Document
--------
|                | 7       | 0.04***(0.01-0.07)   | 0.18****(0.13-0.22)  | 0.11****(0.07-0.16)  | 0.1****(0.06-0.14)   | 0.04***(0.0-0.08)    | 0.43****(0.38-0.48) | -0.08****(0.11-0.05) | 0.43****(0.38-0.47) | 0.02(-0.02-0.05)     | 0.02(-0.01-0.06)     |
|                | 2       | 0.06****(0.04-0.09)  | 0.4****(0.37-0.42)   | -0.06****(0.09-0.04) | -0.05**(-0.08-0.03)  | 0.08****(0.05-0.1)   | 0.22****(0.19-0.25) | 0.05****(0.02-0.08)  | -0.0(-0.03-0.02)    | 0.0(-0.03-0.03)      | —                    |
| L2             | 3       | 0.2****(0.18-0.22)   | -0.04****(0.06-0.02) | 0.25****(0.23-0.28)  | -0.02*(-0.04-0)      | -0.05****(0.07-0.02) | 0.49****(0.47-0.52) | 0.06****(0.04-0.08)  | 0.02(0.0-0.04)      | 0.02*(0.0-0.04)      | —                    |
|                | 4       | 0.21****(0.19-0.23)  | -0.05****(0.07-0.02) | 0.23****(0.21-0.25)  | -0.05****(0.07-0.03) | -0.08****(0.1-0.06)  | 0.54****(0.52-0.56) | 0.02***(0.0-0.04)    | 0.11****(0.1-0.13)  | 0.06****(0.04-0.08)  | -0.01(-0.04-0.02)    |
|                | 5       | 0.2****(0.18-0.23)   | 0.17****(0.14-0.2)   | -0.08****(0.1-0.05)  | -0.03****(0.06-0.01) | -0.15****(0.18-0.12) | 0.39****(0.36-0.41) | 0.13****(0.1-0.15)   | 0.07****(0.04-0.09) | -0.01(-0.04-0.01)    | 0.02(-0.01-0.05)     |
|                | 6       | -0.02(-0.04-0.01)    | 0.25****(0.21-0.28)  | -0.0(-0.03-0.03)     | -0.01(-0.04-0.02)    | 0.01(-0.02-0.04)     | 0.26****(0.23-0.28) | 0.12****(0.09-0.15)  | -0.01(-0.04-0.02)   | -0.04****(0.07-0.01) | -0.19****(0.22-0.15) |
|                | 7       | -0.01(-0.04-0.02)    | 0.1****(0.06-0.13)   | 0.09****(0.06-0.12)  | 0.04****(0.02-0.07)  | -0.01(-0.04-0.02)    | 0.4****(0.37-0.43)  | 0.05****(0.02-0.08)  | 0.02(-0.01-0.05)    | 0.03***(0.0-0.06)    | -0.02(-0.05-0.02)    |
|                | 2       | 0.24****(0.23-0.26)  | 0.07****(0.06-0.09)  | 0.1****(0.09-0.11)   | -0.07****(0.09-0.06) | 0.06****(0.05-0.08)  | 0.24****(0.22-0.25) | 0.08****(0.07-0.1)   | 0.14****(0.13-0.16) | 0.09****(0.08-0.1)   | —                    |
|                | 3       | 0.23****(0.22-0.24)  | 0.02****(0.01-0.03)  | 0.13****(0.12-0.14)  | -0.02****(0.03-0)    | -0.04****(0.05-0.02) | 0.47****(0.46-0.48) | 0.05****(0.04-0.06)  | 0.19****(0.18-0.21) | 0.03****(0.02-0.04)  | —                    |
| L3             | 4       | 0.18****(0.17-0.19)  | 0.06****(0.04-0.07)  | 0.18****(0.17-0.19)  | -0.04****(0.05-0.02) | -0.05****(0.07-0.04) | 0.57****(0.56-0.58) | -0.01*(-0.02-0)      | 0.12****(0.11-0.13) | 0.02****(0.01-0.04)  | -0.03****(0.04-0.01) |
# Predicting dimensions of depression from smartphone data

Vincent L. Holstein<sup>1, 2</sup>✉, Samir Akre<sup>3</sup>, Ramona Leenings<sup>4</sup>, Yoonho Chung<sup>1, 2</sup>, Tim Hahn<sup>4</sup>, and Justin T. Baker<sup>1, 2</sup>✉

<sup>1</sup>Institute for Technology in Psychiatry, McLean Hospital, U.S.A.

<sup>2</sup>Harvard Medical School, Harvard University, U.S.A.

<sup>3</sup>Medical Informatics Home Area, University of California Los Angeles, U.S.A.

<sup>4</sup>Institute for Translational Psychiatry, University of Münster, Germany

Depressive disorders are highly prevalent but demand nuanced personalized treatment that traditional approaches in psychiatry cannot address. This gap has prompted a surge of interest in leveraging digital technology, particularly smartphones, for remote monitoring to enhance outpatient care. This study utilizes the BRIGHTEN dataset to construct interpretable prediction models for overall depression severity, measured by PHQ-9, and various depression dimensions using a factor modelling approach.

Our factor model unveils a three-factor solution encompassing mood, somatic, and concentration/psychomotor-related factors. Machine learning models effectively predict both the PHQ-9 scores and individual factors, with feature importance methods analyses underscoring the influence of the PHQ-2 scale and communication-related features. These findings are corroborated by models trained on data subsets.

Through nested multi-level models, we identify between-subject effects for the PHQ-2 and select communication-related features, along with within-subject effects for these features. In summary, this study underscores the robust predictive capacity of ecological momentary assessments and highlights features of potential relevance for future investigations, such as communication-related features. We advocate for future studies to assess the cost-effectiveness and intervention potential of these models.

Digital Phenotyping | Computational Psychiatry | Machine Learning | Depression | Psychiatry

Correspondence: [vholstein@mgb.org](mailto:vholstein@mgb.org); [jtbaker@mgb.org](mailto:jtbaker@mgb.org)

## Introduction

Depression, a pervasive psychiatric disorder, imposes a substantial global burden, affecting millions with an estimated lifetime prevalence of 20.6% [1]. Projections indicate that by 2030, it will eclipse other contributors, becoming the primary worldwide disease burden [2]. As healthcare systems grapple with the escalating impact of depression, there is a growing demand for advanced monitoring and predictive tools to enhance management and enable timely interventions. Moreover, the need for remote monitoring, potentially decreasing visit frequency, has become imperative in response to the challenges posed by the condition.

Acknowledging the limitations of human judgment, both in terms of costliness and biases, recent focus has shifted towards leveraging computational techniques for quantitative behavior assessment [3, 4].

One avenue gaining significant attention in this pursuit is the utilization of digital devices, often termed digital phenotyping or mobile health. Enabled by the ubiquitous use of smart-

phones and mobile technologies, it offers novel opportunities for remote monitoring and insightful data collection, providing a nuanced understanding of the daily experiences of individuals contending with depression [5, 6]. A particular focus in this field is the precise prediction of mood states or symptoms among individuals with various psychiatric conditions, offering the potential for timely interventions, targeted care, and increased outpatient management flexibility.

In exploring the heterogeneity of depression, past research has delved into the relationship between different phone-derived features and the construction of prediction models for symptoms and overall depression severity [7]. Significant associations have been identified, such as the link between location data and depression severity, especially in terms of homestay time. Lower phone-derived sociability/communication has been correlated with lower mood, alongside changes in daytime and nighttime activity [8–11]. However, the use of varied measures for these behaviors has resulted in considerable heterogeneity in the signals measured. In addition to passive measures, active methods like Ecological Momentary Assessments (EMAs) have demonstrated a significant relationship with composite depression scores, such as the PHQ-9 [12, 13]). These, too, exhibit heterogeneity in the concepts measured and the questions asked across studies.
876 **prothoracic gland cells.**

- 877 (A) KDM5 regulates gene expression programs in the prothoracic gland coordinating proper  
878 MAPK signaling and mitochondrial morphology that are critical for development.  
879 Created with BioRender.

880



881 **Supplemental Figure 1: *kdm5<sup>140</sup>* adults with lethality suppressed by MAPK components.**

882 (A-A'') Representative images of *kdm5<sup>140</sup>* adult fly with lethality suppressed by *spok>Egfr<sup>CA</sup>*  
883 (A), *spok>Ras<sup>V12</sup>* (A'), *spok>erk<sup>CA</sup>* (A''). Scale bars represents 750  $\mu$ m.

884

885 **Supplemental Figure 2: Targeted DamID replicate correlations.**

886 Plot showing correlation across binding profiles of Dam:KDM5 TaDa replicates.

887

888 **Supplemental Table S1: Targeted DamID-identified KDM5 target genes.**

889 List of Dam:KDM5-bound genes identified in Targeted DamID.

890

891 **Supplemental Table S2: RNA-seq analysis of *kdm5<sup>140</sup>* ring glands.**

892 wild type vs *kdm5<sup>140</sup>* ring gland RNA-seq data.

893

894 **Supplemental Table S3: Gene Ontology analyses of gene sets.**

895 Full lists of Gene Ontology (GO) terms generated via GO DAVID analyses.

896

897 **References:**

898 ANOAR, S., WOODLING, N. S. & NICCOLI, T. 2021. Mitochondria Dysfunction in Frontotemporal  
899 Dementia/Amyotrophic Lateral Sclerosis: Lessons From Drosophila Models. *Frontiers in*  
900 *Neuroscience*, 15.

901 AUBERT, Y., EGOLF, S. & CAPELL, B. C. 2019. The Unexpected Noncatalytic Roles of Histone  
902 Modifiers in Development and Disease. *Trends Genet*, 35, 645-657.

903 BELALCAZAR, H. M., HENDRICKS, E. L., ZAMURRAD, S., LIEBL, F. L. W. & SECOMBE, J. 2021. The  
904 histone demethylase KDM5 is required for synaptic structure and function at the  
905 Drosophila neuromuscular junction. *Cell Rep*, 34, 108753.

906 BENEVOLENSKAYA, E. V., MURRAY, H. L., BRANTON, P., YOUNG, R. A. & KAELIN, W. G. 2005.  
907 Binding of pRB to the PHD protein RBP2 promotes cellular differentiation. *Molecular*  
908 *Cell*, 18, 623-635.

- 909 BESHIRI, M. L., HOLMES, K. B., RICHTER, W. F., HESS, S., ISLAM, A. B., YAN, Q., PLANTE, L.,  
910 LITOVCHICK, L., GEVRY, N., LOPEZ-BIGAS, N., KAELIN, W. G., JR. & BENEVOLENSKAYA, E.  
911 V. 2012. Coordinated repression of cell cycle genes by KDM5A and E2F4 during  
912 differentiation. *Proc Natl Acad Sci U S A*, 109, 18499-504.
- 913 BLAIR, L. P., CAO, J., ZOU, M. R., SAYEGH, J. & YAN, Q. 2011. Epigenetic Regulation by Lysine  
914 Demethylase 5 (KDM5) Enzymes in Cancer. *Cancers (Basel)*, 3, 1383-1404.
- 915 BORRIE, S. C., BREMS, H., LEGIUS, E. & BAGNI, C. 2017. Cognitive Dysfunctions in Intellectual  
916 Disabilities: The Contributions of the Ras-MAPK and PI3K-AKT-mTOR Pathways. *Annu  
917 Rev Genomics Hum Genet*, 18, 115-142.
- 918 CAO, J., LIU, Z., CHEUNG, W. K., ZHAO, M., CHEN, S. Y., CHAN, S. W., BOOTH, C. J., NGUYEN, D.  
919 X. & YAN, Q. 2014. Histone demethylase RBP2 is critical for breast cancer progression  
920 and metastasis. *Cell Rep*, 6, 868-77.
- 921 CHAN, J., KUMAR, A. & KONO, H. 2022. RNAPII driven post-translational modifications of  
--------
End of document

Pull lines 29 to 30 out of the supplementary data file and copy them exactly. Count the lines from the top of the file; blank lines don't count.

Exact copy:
- 877 (A) KDM5 regulates gene expression programs in the prothoracic gland coordinating proper  
878 MAPK signaling and mitochondrial morphology that are critical for development.  